Now let’s turn to Bitcoin. Bitcoins are generated by computers. Resources such as processors, electricity, buildings, and personnel are used. The Bitcoin algorithm is programmed in a way that it invariably generates new Bitcoins day after day, but fewer as time goes on. Currently, about 900 Bitcoins are generated per day, down from 1800 Bitcoins per day a year ago. Investing more resources does not result in more Bitcoins being generated. This is how Bitcoin is programmed: There is a fixed supply function that cannot be deviated from. Thus, Bitcoin is scarce and this scarcity cannot be changed. So, while excavators and chemicals are used to mine gold, Bitcoin uses electricity and processors. The mechanism is the same, nonetheless: both are scarce. However, there is one major difference: gold has been known to mankind for thousands of years, whereas Bitcoin has only been around for a little over 10 years, and there are still relatively few people who understand the mechanics of Bitcoin.

Bitcoin and gold are subject to scarcity

Gold is physical, you can touch it. However, the value of gold is not determined by its materiality but by its scarcity and the belief in it. This means that the materiality is not decisive for the value of gold.

Bitcoin is scarce but it is immaterial. The scarcity is similar to gold, but you can not touch Bitcoin. Often this is taken as a criticism, but instead, it is the essence: Bitcoin is “dematerialized scarcity”. Relatively few people are aware of this. And exactly this is changing right now. That’s why the price of Bitcoin is currently surging.

Does Bitcoin benefit anyone?

What is actually the benefit of Bitcoin? Bitcoin is a store of value and an intangible store of value at that. This means that value can be transported without physical matter to any conceivable place in the entire world. Nobody can prevent a Bitcoin owner from carrying his value bound in Bitcoin – provided that one does not keep his Bitcoins at a financial service provider like the Stuttgart Stock Exchange or PayPal PYPL , but is willing to remember their wallet password. By comparison, shares stored at a bank could be taken away from the owner. So could gold, in the form of coins and bars. Bitcoin is necessarily transportable since it is immaterial.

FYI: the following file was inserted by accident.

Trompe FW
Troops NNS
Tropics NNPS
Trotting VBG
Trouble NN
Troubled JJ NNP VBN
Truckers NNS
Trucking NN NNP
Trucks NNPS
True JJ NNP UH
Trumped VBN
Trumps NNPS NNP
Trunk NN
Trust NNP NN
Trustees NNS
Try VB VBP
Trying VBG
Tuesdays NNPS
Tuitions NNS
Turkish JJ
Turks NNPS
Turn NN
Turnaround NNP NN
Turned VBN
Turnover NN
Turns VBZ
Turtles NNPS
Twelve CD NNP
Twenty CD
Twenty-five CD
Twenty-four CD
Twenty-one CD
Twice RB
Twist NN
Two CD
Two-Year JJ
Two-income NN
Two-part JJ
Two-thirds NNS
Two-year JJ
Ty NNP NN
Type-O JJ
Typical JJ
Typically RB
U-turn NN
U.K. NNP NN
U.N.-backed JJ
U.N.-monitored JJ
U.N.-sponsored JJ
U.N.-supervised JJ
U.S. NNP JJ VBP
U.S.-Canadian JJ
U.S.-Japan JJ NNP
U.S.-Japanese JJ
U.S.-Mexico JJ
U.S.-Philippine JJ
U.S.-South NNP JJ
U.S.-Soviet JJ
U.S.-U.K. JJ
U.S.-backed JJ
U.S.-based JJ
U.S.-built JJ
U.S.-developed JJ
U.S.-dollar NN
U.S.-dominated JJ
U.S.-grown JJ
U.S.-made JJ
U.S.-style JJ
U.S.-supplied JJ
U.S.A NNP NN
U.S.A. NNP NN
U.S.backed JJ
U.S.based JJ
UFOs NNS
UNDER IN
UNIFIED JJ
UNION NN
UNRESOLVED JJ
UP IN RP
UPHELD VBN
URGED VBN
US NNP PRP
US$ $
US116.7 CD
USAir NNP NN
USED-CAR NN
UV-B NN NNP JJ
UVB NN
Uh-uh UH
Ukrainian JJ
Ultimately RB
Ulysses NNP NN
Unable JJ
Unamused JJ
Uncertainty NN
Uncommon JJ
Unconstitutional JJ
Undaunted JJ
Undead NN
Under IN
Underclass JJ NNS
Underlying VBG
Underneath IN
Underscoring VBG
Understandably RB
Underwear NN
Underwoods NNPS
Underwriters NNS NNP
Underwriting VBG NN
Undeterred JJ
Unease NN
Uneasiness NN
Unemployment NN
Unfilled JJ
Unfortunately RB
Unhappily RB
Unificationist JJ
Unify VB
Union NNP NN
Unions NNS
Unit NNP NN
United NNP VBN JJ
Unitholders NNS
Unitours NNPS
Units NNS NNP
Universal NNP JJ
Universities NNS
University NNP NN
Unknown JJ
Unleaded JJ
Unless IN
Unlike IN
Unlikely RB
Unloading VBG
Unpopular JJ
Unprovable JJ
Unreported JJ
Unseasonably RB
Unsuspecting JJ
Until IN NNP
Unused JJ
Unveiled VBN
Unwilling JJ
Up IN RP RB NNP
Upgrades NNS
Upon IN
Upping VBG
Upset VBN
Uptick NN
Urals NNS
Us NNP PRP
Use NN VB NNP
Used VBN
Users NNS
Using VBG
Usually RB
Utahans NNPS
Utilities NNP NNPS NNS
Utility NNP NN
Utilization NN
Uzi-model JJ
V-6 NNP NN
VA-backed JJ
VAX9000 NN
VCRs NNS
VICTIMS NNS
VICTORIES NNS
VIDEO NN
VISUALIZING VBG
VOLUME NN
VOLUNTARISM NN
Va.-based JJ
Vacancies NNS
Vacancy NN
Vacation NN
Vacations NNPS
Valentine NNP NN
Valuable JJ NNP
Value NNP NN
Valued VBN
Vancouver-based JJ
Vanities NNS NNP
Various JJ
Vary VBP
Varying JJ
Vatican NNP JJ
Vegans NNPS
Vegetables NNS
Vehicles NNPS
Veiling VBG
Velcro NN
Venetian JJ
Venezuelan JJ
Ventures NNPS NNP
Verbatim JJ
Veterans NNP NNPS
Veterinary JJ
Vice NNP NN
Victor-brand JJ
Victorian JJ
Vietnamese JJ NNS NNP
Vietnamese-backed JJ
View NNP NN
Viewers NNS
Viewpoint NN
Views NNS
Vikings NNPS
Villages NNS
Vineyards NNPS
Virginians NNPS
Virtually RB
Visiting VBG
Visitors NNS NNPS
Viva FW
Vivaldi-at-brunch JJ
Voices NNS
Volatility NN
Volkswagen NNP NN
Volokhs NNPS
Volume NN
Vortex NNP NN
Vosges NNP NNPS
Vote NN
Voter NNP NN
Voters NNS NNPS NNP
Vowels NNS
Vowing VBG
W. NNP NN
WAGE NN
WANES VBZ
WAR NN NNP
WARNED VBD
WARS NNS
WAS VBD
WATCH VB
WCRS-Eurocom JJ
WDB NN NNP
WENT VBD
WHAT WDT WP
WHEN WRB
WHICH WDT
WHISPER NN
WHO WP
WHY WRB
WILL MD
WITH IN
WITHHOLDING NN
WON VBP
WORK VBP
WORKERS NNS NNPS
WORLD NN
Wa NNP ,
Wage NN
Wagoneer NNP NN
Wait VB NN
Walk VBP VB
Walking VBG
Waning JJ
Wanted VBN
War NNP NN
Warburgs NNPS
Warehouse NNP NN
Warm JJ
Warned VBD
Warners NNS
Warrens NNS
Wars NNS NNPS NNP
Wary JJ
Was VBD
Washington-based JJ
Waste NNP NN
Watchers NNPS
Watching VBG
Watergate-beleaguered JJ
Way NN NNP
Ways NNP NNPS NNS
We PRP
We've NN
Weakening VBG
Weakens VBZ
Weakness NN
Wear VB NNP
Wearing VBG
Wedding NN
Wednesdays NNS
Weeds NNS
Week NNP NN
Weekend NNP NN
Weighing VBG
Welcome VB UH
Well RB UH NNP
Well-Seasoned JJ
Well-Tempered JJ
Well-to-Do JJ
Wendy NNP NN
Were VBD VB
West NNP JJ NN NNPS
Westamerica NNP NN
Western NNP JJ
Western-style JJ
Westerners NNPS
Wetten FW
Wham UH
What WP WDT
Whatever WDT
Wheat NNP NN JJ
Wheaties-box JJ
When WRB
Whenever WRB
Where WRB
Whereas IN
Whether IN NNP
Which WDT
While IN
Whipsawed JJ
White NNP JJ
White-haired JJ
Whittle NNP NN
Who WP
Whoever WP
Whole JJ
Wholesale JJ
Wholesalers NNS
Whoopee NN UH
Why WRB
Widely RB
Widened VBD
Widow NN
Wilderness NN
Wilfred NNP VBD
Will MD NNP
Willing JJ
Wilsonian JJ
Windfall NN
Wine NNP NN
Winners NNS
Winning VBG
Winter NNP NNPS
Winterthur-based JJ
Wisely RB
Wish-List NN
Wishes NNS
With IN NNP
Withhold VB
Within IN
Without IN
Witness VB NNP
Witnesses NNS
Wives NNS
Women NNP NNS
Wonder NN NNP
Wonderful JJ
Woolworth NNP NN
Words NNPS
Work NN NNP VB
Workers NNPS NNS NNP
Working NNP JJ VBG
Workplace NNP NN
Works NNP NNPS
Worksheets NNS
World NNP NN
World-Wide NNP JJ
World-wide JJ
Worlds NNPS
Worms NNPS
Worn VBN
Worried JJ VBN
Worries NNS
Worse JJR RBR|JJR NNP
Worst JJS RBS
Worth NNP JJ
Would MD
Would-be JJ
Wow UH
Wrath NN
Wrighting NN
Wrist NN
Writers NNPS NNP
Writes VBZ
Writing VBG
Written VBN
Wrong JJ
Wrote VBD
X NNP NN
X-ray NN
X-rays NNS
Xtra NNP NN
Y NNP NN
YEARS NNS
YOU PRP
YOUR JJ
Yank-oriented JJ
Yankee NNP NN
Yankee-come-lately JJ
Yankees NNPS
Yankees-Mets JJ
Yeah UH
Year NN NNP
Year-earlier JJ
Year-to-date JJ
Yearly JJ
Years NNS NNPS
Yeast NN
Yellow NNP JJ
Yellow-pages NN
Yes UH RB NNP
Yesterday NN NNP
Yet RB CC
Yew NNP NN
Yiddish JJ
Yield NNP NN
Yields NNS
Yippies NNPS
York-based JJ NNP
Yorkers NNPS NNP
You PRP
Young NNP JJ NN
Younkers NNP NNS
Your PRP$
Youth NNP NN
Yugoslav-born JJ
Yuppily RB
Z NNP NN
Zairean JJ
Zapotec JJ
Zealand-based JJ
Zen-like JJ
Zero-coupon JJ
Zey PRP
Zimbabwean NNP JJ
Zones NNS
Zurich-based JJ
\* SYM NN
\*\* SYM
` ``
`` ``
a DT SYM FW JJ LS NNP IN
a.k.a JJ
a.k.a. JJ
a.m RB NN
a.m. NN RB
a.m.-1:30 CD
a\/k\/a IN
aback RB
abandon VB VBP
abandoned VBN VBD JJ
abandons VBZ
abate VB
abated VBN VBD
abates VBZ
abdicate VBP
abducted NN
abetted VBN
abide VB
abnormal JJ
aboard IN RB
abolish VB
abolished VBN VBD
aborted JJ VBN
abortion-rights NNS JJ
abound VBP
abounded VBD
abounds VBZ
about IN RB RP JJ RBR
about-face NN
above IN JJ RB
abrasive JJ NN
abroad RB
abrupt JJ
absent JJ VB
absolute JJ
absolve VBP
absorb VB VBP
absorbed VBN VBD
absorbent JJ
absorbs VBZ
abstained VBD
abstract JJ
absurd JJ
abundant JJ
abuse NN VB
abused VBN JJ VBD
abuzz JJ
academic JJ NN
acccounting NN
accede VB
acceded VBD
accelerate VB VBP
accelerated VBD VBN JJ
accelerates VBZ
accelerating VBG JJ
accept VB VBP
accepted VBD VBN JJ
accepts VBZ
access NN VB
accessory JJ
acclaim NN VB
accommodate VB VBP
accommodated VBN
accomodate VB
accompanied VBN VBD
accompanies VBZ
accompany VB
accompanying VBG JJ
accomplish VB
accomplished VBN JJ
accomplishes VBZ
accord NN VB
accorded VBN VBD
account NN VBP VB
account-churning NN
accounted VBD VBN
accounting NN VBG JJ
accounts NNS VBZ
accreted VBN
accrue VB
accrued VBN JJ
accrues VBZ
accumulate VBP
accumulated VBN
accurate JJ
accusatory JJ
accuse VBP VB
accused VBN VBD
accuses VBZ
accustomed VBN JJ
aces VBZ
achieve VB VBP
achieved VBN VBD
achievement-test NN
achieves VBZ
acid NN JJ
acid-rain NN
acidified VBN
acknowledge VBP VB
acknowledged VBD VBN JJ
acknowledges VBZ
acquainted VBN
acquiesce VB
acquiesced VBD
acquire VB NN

Furthermore, Bitcoin enables “transactions” that cannot be prevented by anyone. Anyone who wants to transfer value tied up in Bitcoin can do so worldwide in minutes and no one can stop him or her. By comparison, PayPal could block a transaction, or even the state or a government agency could stop transfers. Thus, Bitcoin is censorship-resistant.

These two points – unconditional value ownership and unconditional value transfer – cannot really be valued in a country with well-functioning institutions like Germany. Therefore, these advantages come to the fore when one imagines millions of people living in countries that are not democracies or where institutions do not function as well as they do almost everywhere in Europe.